Artificial flavors and colors are nothing new. For hundreds of years food makers have been putting additives into food, ranging from soft drinks to sausages. Just like graphic artists use photo-editing software to alter the reality of what we see, food scientists use artificial ingredients to change the reality of what we taste.
One of the most blatant examples of such alteration involves jelly beans. For instance, how can a tiny ball of sugar taste and even look like buttered popcorn? Jelly Belly makes it happen with a carefully crafted combination of natural and artificial ingredients that include carnauba wax and Yellow 5.
Carnauba wax, an organic compound that comes from the leaves of a palm grown in Brazil, is used to coat many candies to keep them from melting. It’s also found in a variety of household products including car wax. Yellow 5, also called tartrazine, is a widely used synthetic dye that can be found in everything from potato chips to pet food. Apparently the creative concoction works, given that buttered popcorn has become one of Jelly Belly’s most popular beans.
It’s one thing to eat some candy once in a while that contains artificial ingredients. It’s another thing to include additives as a regular part of one’s daily food intake, which takes us back to breakfast cereals. Many people eat cereal, even the same cereal, every day. Furthermore, many breakfast cereals contain artificial colors and flavors; although, that trend may be changing.
Last summer the world’s largest producer of breakfast cereal, Kellogg’s, promised to eliminate all artificial flavors and colors from its cereals and snack bars by the end of 2018. Its largest competitor, General Mills, willed one better. By the end of 2015, the company had already purged artificial colors and flavors from 75% of its cereals, and it had a plan to remove the remainder by the end of 2017.
Cereal makers aren’t the only ones deciding to go more natural. The Huffington Post reported that ten other prominent food companies have resolved to remove artificial colors and flavors by the end of 2018, or sooner. Joining Kellogg’s in that action are companies that include Chipotle, Subway, Taco Bell, Pizza Hut, and Kraft.
Some may be wondering whether these initiatives really matter. Are artificial flavors and colors truly things that should concern consumers, or do efforts to eliminate them represent little more than a positioning ploy—companies hoping to gain goodwill via perceptions that they are more socially conscious than their competitors?
There is evidence to suggest that concerns about artificial ingredients are justified. For instance, in 1906 the U.S. government began investigating the safety of 80 food dyes, and by 1938 only 15 synthetic colors remained that were considered safe enough to be legal. Fast forward to the present, and only seven dyes remain on the Food and Drug Administration’s (FDAs) approved list for use in the U.S. One of those dyes, Yellow 5, is illegal in much of Europe and “is currently undergoing further testing for links to hyperactivity, anxiety, migraines and cancer. You may recall from above that Yellow 5 is the same dye used to color Jelly Belly’s buttered popcorn beans.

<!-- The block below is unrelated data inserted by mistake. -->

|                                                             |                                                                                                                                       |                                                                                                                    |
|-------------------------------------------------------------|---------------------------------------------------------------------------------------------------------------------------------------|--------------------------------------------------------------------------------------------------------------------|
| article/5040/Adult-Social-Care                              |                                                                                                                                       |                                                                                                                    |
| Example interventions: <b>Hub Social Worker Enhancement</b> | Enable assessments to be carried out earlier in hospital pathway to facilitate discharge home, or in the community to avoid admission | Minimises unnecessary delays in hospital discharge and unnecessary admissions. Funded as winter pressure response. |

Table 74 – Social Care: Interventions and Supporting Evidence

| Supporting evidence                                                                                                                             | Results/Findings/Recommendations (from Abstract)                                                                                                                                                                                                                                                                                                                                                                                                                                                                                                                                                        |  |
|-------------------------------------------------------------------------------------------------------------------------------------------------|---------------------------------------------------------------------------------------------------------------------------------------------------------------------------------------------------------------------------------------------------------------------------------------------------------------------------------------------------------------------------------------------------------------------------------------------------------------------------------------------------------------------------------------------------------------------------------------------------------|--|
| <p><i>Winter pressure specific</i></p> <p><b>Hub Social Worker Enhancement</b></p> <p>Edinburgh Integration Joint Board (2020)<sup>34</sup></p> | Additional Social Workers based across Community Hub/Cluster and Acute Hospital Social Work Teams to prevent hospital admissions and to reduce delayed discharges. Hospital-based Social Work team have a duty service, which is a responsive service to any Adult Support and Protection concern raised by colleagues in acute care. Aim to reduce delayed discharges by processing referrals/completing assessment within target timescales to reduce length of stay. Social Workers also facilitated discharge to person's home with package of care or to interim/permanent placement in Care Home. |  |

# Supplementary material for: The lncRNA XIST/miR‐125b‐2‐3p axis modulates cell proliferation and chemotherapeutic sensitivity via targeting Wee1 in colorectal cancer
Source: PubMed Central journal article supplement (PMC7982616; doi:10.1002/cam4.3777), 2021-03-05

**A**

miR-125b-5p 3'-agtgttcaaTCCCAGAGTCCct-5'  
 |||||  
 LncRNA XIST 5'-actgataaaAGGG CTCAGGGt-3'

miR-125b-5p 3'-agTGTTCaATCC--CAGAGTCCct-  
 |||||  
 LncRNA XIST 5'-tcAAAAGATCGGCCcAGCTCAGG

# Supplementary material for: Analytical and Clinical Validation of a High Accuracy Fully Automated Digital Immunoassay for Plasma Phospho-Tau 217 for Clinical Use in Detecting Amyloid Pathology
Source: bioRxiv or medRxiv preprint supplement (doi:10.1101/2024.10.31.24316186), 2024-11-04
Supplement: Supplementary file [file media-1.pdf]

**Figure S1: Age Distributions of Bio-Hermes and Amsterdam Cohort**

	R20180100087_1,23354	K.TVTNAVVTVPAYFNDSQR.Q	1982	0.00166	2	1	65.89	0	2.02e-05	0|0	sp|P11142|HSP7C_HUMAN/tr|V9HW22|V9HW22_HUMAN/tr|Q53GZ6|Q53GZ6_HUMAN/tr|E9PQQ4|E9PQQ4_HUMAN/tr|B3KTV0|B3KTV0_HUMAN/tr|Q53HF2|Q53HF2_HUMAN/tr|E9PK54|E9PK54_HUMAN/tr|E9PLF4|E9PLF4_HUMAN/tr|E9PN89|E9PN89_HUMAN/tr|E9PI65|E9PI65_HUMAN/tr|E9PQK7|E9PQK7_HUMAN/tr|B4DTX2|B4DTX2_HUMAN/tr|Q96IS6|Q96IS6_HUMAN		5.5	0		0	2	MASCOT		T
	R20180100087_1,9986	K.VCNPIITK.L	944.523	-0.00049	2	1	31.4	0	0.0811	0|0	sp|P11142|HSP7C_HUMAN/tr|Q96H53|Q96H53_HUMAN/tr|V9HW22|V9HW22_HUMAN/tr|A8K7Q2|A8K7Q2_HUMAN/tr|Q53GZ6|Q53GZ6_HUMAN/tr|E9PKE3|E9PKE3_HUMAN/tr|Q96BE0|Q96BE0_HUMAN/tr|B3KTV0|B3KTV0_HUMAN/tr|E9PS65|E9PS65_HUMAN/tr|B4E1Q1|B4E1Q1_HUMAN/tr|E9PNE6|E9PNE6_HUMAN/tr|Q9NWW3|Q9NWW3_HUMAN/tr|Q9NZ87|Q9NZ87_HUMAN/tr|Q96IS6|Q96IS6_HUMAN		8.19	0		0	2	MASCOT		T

Such findings are in keeping with those of researcher Ben Feingold, who in the 1970’s found a positive relationship between children’s consumption of artificial flavors and colors and hyperactivity. In addition, a 24-study meta-analysis conducted in 2012 found that artificial food additives tend to exacerbate symptoms of ADHD for many children. Furthermore, some food dyes have been associated with hypersensitivity in both children and adults.
So, artificial food flavors and colors may be detrimental to us physically and behaviorally, but as with many things in life, demand is king: Some companies won’t adapt their products unless they’re convinced that consumers really prefer those without additives. Well, consumer sentiment seems to be shifting in favor of natural, as “surveys find majorities of respondents saying that artificial chemical additives negatively influence their buying decisions.” More specifically, in its own research, Nestle USA, part of world’s largest food company, has found that people prefer candy without artificial flavors and colors. Those results have led the division to strike such ingredients from its chocolate confections.
Of course, consumers are also notoriously fickle. Sometimes we say we want something different, but then we don’t buy it. Kraft’s recent experience, however, suggests that consumers may truly be willing to change, at least if they don’t realize what’s happening. Last December the company discretely reformulated the recipe of its iconic Mac & Cheese, removing all artificial preservatives, flavors, and colors. In their place, the firm added “natural spices like paprika, annatto and turmeric.” The amazing thing is that almost no one noticed until Kraft revealed its revision, 50 million boxes and several months later.
The bottom line is that eliminating artificial colors and flavors from food seems to be in the best interest of both companies and consumers, enhancing stakeholder value and encouraging society values, such as stewardship and respect. Subtracting additives, therefore, equals another instance of “Mindful Marketing.”
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